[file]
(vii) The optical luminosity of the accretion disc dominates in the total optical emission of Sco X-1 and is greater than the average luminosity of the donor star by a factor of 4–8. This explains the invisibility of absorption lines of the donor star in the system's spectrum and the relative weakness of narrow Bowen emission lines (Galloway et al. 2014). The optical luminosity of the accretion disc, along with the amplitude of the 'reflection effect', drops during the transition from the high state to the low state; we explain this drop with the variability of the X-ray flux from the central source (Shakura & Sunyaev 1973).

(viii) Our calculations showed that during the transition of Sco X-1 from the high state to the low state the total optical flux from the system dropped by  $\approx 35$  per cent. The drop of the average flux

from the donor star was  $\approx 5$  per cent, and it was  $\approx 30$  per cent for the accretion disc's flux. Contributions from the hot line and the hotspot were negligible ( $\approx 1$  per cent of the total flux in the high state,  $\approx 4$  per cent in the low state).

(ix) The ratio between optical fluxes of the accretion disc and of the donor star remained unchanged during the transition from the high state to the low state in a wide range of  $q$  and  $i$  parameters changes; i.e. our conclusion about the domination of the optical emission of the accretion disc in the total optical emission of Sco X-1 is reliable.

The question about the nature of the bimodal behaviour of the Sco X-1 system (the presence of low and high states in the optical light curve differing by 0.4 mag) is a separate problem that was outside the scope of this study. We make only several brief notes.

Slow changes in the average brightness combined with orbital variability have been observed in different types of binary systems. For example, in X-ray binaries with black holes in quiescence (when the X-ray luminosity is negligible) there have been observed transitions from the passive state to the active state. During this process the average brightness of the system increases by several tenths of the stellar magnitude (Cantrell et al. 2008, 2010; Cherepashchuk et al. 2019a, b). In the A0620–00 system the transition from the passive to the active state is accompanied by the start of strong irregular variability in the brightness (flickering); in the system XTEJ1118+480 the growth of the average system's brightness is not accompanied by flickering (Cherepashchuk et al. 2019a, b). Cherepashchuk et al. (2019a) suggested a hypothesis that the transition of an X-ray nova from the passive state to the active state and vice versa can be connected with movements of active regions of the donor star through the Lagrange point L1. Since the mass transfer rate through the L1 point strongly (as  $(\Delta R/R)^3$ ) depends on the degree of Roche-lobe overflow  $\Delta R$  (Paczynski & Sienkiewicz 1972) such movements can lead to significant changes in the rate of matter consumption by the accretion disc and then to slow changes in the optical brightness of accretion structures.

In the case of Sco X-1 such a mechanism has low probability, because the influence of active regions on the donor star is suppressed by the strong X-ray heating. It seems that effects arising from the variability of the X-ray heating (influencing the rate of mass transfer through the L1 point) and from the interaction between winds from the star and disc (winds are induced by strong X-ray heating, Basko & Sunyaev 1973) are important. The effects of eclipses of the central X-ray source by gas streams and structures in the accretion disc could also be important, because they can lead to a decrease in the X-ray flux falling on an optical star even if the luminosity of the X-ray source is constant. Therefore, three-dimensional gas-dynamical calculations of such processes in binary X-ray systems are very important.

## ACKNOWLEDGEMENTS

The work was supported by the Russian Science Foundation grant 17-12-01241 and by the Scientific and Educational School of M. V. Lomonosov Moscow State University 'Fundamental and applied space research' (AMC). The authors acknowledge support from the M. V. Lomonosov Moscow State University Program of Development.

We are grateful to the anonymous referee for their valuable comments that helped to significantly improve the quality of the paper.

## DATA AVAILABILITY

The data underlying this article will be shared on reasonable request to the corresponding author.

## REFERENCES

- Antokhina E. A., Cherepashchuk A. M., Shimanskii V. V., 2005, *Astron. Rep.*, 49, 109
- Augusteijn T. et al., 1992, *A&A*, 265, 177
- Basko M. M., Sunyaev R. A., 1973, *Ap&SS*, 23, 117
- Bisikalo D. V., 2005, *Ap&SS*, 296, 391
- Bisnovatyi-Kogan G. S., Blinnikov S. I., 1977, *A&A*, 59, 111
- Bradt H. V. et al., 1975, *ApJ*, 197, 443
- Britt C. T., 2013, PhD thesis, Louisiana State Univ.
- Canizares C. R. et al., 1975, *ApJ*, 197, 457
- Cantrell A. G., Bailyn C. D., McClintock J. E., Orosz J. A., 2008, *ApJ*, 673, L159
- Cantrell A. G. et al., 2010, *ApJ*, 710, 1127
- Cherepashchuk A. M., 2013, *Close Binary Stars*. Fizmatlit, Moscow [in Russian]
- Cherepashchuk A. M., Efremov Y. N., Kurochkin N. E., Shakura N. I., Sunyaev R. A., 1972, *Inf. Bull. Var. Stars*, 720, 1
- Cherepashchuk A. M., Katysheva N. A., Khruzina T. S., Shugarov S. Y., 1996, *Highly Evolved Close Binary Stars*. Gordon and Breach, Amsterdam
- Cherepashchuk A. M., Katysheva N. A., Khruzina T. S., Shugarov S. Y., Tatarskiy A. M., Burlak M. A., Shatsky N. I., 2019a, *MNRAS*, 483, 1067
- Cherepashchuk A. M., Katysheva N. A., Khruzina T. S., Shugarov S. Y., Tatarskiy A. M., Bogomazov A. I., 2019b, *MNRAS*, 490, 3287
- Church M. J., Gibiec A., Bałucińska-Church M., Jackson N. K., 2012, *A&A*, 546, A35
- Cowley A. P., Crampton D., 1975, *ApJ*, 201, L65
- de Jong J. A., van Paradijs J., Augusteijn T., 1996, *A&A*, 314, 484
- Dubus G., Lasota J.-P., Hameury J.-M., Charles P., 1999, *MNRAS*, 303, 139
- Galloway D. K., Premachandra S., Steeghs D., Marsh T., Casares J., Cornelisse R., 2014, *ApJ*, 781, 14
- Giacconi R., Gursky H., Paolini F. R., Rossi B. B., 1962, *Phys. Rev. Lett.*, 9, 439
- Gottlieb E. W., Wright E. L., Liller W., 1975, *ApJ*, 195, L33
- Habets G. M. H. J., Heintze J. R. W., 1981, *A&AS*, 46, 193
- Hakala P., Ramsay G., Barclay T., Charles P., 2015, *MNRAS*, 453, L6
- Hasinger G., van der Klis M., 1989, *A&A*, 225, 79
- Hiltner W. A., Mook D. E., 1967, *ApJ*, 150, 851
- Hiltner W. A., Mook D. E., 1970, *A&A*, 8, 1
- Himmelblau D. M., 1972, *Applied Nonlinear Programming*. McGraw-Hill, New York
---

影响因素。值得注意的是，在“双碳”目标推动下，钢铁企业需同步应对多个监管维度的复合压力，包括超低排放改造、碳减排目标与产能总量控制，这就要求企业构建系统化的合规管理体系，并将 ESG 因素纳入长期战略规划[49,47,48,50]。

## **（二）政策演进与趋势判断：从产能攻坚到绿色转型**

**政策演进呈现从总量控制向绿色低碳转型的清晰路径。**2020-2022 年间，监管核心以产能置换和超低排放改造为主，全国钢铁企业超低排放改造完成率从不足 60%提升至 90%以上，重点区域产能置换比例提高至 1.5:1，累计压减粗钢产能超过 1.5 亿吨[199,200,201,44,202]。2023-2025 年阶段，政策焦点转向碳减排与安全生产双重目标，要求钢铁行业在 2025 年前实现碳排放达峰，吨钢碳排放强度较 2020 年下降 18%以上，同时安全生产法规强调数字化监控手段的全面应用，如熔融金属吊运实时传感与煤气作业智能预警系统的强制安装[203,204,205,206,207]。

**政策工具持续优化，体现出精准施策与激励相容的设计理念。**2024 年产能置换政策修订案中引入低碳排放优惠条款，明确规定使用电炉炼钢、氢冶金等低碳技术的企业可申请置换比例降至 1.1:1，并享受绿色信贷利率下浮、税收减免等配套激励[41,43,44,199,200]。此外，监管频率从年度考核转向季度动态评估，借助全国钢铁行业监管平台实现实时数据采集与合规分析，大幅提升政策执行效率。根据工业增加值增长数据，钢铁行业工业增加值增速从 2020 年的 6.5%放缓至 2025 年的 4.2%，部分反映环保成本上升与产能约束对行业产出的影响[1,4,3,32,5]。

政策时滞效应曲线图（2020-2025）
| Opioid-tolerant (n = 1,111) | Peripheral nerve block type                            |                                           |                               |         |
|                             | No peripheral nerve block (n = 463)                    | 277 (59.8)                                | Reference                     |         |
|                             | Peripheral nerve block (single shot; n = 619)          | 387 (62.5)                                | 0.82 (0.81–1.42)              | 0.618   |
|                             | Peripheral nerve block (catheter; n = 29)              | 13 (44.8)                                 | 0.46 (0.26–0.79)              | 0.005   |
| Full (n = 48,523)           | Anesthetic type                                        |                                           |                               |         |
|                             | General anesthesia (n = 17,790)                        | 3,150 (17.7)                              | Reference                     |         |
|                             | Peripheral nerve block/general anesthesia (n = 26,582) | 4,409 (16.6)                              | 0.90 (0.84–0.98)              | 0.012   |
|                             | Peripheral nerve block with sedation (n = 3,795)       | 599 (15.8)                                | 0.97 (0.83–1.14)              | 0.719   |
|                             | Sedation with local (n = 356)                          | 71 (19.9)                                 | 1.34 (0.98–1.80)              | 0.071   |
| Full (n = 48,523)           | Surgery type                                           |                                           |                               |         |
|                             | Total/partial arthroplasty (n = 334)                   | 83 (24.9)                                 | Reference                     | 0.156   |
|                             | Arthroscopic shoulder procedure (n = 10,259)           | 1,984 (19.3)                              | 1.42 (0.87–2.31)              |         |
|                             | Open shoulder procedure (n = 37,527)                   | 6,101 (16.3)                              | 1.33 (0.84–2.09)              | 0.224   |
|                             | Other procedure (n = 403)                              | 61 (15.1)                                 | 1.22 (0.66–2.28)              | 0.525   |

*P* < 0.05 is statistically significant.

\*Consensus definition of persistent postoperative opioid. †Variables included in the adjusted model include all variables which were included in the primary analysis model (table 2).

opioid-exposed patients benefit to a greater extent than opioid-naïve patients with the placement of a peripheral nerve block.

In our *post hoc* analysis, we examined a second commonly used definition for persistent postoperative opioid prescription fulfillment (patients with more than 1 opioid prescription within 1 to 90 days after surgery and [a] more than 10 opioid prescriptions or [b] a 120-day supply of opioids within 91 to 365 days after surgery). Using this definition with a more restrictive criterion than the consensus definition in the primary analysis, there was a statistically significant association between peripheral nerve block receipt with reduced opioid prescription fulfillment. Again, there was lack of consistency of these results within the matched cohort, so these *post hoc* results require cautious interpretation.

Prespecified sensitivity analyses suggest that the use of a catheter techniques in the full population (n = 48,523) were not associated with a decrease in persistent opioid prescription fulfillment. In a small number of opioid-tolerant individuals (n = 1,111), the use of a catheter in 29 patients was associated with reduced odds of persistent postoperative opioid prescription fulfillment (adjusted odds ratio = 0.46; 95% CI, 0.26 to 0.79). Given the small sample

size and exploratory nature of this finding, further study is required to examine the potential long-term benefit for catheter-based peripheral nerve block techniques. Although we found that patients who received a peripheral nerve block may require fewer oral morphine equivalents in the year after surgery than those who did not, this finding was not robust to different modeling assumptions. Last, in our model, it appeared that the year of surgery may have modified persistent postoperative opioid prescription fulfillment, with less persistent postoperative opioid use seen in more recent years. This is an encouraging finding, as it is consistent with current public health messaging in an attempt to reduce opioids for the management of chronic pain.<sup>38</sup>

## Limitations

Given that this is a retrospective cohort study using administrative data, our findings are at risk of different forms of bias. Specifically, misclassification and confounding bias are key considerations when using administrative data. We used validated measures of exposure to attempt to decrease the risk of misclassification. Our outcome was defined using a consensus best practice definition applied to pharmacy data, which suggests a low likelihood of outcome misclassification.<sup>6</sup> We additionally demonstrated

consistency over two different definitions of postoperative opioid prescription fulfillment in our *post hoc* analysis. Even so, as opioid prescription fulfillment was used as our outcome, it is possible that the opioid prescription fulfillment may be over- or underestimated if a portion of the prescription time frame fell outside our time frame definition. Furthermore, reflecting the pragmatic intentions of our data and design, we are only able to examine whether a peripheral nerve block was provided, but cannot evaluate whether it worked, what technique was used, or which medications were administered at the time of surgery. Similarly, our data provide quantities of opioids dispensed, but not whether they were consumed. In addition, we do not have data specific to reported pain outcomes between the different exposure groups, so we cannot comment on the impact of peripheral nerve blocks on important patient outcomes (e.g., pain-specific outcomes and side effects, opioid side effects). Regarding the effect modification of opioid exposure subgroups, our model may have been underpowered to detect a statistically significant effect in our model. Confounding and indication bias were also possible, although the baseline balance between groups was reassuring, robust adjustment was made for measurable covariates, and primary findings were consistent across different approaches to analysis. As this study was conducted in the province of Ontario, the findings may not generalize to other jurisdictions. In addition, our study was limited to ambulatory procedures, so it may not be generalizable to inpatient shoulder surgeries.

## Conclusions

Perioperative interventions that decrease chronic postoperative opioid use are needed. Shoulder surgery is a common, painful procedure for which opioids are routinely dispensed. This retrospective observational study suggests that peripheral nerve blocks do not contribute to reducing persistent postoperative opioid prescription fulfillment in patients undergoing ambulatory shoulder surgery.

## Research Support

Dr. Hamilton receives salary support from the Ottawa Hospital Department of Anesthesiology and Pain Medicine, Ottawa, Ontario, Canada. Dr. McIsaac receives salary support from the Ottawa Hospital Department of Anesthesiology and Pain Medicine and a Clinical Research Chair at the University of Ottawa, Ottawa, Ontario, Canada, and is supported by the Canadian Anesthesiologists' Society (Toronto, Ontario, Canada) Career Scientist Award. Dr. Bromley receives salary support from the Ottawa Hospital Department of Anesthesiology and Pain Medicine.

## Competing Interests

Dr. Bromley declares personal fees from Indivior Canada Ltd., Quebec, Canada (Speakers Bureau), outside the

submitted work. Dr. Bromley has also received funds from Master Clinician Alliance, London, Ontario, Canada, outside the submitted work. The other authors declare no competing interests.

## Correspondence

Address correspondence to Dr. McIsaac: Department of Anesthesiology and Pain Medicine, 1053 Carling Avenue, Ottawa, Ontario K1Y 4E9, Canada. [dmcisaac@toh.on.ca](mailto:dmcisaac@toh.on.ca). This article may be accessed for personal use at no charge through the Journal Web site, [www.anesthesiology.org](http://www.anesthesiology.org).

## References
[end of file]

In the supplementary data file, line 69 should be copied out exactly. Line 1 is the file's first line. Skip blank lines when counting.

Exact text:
Given that this is a retrospective cohort study using administrative data, our findings are at risk of different forms of bias. Specifically, misclassification and confounding bias are key considerations when using administrative data. We used validated measures of exposure to attempt to decrease the risk of misclassification. Our outcome was defined using a consensus best practice definition applied to pharmacy data, which suggests a low likelihood of outcome misclassification.<sup>6</sup> We additionally demonstrated